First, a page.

During the past four weeks there has been a bit of good news for 2010. First, Cisco, the networking giant and industry bellwether, posted a 23 percent jump in profit, an 8 percent gain in revenue, and announced that it plans to hire 3,000 workers in the coming months.
Cisco isn't the only one. There are other signs of a recovery for the tech sector. In late January, Avnet beat Q2 expectations, as did EMC. So, it appears that we hit the bottom in 2009. But the real question is: How quickly can small and midsize businesses come back and increase their technology spend in 2010?
Surely the industry is poised for a tech refresh this year with Windows 7, Office 10 and SharePoint. We are also ready for an infrastructure upgrade, and technologies such as virtualization and information security remain of interest. But even with the worst behind us, selling solutions isn't going to be easy. Price and ROI are going to be part of every conversation, and your job will be to find the right products that provide true value to the customer and can help you grow your business.
While tried-and-true applications from Microsoft and Cisco may help you have a better 2010 than 2009, you'll need to position yourself effectively for the turnaround and invest in areas that can help differentiate your business for the future. Cisco and Microsoft are not the only answer.
While the market is still new, you will need to investigate cloud computing. Even though it may not happen this year or even next year, cloud will be a radical shift in how we consume IT. That means you need to at least be moving in this direction and have it as part of your portfolio.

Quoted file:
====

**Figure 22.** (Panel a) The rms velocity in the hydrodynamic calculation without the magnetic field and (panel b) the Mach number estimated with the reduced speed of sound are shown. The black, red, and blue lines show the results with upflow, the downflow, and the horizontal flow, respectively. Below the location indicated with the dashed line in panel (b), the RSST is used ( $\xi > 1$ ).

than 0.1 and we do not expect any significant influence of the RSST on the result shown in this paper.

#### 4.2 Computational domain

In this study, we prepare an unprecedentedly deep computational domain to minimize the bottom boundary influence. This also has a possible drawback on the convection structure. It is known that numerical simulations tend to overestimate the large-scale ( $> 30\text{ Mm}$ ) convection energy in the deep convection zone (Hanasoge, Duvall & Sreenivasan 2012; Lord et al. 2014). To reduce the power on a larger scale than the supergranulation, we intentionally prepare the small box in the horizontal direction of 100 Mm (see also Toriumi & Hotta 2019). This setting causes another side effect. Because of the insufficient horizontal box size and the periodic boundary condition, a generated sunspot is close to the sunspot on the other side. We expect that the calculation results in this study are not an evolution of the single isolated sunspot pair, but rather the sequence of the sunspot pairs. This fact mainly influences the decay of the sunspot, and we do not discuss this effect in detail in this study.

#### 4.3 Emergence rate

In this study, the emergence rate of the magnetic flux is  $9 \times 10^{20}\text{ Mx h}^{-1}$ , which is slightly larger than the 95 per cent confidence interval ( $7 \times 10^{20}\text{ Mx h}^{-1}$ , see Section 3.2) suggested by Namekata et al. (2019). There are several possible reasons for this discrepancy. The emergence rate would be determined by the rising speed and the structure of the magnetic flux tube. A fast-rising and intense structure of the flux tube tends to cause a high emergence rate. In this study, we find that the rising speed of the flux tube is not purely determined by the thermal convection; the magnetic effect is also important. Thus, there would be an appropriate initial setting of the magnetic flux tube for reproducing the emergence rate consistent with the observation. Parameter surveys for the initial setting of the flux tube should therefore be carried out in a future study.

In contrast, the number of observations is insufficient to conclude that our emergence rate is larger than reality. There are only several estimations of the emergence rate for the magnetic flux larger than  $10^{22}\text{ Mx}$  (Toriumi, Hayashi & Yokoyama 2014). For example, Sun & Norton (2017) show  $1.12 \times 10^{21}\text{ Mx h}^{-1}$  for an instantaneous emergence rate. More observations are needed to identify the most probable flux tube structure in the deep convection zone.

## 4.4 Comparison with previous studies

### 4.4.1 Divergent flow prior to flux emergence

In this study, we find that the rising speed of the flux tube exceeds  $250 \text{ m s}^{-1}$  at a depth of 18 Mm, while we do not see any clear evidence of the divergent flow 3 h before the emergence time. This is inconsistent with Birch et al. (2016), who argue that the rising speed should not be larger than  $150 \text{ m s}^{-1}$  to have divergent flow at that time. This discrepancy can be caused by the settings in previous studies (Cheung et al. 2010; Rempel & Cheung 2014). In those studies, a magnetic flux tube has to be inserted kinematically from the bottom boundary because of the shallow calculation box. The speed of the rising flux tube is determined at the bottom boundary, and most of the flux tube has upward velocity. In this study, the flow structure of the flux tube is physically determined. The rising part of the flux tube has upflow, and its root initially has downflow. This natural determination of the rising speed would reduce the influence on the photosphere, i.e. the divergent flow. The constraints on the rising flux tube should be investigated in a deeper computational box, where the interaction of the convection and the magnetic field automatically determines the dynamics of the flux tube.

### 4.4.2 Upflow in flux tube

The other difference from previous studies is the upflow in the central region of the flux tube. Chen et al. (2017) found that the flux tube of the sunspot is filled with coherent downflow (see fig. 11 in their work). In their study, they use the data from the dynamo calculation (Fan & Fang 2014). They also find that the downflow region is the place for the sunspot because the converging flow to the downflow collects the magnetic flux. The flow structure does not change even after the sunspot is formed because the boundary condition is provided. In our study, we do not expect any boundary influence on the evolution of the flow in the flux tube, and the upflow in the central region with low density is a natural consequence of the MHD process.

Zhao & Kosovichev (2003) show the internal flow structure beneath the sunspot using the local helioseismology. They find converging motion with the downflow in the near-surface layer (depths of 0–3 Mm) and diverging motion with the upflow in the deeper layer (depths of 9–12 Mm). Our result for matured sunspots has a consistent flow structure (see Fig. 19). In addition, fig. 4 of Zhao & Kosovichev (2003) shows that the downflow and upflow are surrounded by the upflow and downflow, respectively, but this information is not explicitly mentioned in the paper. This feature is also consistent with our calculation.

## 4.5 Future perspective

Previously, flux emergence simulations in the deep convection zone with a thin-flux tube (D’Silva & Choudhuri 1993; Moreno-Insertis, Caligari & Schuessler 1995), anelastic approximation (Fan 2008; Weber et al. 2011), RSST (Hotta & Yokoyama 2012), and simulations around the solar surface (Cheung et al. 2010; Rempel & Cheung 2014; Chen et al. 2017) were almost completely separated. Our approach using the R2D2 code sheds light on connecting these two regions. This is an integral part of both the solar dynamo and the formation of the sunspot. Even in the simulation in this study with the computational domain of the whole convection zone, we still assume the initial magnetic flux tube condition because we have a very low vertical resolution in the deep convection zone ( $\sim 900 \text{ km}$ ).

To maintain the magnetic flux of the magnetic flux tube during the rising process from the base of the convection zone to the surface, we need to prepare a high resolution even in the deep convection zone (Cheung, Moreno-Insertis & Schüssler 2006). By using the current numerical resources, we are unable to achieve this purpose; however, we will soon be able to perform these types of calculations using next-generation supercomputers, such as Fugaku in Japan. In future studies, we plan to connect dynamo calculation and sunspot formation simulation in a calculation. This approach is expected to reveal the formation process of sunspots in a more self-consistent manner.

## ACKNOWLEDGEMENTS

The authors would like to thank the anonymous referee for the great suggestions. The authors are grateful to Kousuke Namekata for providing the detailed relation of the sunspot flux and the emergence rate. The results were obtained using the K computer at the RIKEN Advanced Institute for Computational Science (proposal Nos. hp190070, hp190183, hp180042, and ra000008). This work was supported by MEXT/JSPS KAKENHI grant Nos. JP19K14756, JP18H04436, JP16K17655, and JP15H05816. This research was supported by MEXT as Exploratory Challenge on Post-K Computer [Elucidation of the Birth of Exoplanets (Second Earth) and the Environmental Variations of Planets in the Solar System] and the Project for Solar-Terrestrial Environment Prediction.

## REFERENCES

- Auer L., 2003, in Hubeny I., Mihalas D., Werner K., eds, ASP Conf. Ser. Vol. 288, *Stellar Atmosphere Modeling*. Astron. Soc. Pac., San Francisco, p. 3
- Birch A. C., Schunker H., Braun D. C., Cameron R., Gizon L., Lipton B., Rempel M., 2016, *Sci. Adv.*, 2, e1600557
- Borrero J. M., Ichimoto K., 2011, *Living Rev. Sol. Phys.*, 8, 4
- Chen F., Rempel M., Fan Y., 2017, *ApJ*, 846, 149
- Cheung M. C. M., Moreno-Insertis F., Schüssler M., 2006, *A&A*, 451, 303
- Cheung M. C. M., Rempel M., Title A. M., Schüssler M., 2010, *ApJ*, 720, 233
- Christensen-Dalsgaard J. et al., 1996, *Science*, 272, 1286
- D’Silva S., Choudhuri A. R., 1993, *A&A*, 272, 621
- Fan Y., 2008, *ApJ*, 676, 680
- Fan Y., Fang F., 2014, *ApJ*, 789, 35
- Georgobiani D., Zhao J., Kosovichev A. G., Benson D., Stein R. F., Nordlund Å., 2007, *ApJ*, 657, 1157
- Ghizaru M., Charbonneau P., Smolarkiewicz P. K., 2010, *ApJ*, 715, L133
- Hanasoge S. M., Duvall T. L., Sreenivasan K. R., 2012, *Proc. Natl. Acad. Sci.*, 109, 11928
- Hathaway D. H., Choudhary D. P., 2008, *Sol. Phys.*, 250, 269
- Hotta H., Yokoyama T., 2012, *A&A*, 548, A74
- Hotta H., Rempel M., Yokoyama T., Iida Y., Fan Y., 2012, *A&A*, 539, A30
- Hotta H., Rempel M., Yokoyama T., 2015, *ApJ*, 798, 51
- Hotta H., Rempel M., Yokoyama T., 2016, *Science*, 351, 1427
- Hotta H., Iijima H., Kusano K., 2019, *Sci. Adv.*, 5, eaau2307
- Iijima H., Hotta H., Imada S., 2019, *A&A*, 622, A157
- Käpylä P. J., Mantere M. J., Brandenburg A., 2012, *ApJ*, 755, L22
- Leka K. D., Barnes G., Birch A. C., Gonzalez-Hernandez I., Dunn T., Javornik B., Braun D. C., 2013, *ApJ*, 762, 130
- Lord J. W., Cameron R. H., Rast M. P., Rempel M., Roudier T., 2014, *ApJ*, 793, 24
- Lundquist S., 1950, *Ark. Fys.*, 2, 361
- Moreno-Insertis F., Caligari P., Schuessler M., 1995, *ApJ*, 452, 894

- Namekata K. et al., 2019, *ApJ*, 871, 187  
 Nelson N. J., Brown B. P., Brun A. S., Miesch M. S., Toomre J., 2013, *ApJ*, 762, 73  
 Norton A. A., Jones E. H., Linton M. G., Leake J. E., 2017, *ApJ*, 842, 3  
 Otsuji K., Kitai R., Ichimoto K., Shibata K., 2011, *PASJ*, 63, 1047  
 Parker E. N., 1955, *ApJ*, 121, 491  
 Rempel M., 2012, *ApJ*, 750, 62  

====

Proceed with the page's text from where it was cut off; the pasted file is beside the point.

Rest assured, you will not be left out of the equation. Rather, you will be able to shift your business model to one that is more predictable. You still will have the relationship with your customer and you still will pull together all the solutions. It is simply a matter of what and how you are selling them.
Cloud technology and the players are relatively new. So you'll need to scrutinize players with which you may have never done business: Amazon, Google, AT&T, as well as a slew of upstarts. You may also need to look at different skill sets for your organization. Developers, for instance, could help you customize and build on top of these cloud applications.
But most important, you need to look critically at the VAR programs around cloud that will be introduced into the market. Do their channel execs understand VARs? Do they have previous experience in the channel? Are they going to understand what the channel needs to make this transition?
And then you'll need to do some looking inward and ask yourself some tough questions. Do you understand what it takes to shift your model, and are you willing to make the investment? For instance, you may need to move away from reselling hardware or even building out your own proprietary data center. These guys have already done that and may offer programs that make it attractive for you to leave it on the table in lieu of services and integration opportunities.
So, as we hope for pent-up demand to offer us some opportunities in 2010, we can't lose sight of the fact that the technology market is changing and you need to adjust accordingly.